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There is an overwhelming amount of repertoire for the organ. How do I decide what to choose when it's time to start a new piece? Well, sometimes the pieces find me. I recently started learning the Prelude and Fugue in D Minor but it happened in such a roundabout way that the story bears telling.
Friend and BACHorgan.com community member Peter Stapleton mentioned in passing the article on Clarence Watters which ran in the last American Organist magazine. I decided to check it out and what a great read it was. Now, toward the end of the article, the writer mentions a dedicatory recital given by Watters on which he performed, among other things, Bach's "Toccata in D (Dorian)." This struck me because that piece is not particularly common on recital programs these days.
When I sat down at the organ a couple of days later and was trying to decide what to play, the Watters article popped into my head. I dug out my Peters Edition, Vol. III, to find the Dorian but I became confused and started reading through the P&F in D Minor which follows directly after it in the book. By the time I'd realized my mistake, I was well into the D Minor fugue and already hooked. The Dorian would have to wait for another day.
So what's the D Minor like? First of all, the Peters Edition classifies the piece as medium-difficult to difficult. Don't let that scare you. I always look up the difficulty level but always take it with a grain of salt. Their classification system seems too arbitrary and I think the difficulty of a piece really depends more on the particular strengths of an individual organist.
The Prelude, performed on its own, would make an excellent prelude or postlude that's not terribly difficult to play (see Ex. 1). At qn=60, it clocks in at almost three minutes. Taking that tempo may make the piece too long for an offertory but you could always speed it up to make it fit.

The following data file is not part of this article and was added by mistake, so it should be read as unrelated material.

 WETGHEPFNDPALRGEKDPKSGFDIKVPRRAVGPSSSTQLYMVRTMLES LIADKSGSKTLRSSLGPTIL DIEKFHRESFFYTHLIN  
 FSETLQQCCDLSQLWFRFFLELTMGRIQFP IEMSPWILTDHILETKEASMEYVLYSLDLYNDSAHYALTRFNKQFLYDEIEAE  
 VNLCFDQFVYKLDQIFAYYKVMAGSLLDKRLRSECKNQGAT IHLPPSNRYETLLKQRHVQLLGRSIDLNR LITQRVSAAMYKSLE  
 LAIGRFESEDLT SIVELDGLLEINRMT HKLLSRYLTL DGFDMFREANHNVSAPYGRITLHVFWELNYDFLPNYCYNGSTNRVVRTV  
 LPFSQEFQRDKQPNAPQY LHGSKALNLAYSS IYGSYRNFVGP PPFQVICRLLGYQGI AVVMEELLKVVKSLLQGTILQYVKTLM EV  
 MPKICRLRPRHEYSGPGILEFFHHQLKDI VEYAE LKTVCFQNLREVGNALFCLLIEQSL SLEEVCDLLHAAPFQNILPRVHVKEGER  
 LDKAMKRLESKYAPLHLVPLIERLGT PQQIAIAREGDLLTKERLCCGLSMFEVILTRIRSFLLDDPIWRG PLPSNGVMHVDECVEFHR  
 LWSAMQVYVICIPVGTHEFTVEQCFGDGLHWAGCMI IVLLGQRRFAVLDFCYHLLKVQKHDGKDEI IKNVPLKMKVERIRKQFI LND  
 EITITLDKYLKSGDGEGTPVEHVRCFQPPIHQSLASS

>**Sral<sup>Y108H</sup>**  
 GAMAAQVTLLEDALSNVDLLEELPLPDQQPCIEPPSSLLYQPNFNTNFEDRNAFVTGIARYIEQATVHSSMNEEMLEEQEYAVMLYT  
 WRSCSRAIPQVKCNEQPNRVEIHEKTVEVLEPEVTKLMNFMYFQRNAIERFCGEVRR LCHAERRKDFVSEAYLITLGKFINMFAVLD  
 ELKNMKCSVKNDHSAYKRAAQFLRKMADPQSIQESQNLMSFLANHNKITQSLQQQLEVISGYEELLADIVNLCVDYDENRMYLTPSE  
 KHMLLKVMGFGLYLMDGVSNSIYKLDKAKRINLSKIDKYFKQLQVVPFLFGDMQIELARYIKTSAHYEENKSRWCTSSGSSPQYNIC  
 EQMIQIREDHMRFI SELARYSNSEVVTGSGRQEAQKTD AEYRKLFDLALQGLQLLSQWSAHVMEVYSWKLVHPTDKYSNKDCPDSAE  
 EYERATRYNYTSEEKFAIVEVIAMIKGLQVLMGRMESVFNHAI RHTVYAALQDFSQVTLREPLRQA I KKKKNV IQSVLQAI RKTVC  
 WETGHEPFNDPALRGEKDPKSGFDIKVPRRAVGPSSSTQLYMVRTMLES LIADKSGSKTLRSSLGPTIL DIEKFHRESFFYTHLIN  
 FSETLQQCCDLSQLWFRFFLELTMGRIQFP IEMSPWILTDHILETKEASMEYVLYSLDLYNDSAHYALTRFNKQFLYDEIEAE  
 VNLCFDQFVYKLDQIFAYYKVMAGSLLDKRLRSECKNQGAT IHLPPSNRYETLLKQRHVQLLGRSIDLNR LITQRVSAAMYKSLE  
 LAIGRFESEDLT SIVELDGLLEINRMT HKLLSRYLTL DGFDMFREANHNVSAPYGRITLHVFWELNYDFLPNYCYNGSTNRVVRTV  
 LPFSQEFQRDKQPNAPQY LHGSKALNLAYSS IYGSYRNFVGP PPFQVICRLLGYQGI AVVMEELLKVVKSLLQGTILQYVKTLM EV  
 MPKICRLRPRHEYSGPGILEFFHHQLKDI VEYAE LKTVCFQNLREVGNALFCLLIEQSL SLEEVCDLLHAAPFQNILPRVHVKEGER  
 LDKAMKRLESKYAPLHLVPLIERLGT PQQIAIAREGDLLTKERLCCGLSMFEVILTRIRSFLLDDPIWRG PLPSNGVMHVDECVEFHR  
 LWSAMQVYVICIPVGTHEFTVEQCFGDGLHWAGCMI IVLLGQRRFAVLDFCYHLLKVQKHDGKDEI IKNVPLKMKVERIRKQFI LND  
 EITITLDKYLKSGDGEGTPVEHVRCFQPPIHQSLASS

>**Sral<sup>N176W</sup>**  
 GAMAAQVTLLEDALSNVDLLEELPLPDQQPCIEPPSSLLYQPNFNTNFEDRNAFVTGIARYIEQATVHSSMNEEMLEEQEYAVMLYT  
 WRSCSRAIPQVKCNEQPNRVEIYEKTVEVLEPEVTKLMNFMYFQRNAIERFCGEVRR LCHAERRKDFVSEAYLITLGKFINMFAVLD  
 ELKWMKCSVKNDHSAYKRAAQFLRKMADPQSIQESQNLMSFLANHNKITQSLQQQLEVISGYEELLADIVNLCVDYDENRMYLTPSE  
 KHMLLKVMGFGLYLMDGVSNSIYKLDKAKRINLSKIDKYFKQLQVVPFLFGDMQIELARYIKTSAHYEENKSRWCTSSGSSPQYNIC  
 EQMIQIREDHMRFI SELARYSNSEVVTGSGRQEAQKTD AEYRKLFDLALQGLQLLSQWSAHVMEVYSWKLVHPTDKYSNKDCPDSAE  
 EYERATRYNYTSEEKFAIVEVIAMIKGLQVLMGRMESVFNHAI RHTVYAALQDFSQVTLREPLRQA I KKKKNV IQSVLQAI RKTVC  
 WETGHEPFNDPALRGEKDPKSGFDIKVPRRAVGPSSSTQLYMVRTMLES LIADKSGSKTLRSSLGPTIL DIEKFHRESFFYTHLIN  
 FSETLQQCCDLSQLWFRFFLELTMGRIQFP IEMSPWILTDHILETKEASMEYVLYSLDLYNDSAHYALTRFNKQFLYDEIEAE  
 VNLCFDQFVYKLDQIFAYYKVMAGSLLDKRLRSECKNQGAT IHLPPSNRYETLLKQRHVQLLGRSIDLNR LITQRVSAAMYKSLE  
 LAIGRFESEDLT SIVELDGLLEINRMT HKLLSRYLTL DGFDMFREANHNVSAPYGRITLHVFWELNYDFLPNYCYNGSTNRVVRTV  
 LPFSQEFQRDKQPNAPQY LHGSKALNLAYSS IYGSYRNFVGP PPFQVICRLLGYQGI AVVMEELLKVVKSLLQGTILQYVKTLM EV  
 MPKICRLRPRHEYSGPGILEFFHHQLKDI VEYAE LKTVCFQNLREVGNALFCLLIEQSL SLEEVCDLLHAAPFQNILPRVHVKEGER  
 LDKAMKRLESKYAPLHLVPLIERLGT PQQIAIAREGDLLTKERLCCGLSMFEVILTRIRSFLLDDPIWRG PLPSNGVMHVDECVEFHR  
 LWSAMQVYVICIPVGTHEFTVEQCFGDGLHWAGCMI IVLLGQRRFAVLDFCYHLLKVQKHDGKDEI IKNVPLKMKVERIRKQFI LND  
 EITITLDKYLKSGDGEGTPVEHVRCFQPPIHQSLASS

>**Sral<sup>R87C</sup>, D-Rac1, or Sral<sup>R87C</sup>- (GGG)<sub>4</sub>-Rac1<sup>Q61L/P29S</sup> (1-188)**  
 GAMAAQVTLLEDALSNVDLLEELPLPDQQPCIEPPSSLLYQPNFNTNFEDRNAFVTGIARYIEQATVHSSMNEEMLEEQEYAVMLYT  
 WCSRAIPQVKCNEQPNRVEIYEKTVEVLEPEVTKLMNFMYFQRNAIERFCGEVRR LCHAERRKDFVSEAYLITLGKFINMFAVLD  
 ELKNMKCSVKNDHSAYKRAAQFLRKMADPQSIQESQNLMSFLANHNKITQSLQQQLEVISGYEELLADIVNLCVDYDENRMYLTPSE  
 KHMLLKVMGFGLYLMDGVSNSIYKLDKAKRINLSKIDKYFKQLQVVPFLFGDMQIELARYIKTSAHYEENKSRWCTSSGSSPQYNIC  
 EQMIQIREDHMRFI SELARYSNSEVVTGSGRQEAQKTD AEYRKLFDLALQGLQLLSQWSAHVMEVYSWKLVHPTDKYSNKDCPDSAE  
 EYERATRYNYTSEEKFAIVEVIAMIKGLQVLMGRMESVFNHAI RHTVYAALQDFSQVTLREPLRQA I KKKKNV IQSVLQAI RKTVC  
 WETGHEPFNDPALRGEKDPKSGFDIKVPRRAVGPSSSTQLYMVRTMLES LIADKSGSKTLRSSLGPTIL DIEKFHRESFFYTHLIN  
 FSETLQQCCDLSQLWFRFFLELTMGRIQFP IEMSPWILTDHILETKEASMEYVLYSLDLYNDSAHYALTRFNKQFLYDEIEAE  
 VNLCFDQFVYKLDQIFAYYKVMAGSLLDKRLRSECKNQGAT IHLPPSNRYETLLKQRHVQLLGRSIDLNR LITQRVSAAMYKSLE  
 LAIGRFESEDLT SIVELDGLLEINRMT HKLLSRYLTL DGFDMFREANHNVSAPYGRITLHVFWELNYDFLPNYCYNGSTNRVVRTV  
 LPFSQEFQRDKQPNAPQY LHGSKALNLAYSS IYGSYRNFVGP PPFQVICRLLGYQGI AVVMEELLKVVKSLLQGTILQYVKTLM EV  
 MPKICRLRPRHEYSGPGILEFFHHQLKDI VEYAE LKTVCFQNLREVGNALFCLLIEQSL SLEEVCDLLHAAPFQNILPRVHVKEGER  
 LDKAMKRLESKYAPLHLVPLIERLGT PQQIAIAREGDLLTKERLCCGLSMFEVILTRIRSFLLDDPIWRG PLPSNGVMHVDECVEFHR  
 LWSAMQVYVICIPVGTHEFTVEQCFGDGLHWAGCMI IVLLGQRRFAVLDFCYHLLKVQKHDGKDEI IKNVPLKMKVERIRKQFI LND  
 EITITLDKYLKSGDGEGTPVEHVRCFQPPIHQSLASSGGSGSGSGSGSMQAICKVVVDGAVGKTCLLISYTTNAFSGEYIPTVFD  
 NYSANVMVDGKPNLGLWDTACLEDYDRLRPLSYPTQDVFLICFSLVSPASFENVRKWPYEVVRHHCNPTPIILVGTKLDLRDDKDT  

Ex. 1: D Minor Prelude (BWV 539)
Also, the Prelude, has no pedals. If you want to be creative and add some toward the end, I think it would provide a nice emphasis for the final cadence (see highlighting in Ex. 2).
Ex. 2: Ending of D Minor Prelude (BWV 539)
When learning a new piece, I often peruse my little collection of music books to see if there are any interesting nuggets of information that will tell me more about the piece. My favorite is "Organ Literature" by Corliss Richard Arnold (see below) although this time my edition didn't have any info on the BWV 539.
I had more luck with the introduction to Vol. III of the Kalmus Edition. It had a good-sized quote regarding the 539:
"It is most likely that this Fugue was originally written by Bach for violin. In this form it is found in the first of the well-known six sonatas for violin alone, but in the key of G Minor; it was transposed to D Minor for the sake of facility of execution and for the better effect on the organ. The prelude is entirely different, and in the Fugue all typical violin passages have been adapted to the keyboard; but otherwise the conformity is very great. To facilitate comparison, which should be interesting as well as instructive, we are including [in this edition] the Fugue for violin as a variant."
So that's why you may hear the fugue of 539 referred to as the "Fiddle" fugue.
Ex. 3: D Minor Fugue (BWV 539)
I often try to find a recording of the piece I'm starting; perhaps one or two listens just to get me headed in the right direction. This time however I experimented with NOT listening to a recording first. So far, I feel OK about this. It's not a very well-known piece and I don't feel like I need a security blanket.
Another experiment that I trying is to memorize the fugue as I learn it. This is slow going but I'm excited about how this will work out. It will be a first.
Whatever edition you end up using, check in measure 23 of the fugue to be sure you have a D Natural in the tenor. My first time through the fugue was an eyebrow-raising experience because the Peters Edition has a D# in the tenor against a D Natural in the soprano.
Ex. 4: Make sure you play D Natural in measure 23
Well, those are some ideas and things to watch out for when learning a new piece. But keep a lookout for that next piece. You never know where it might come from!
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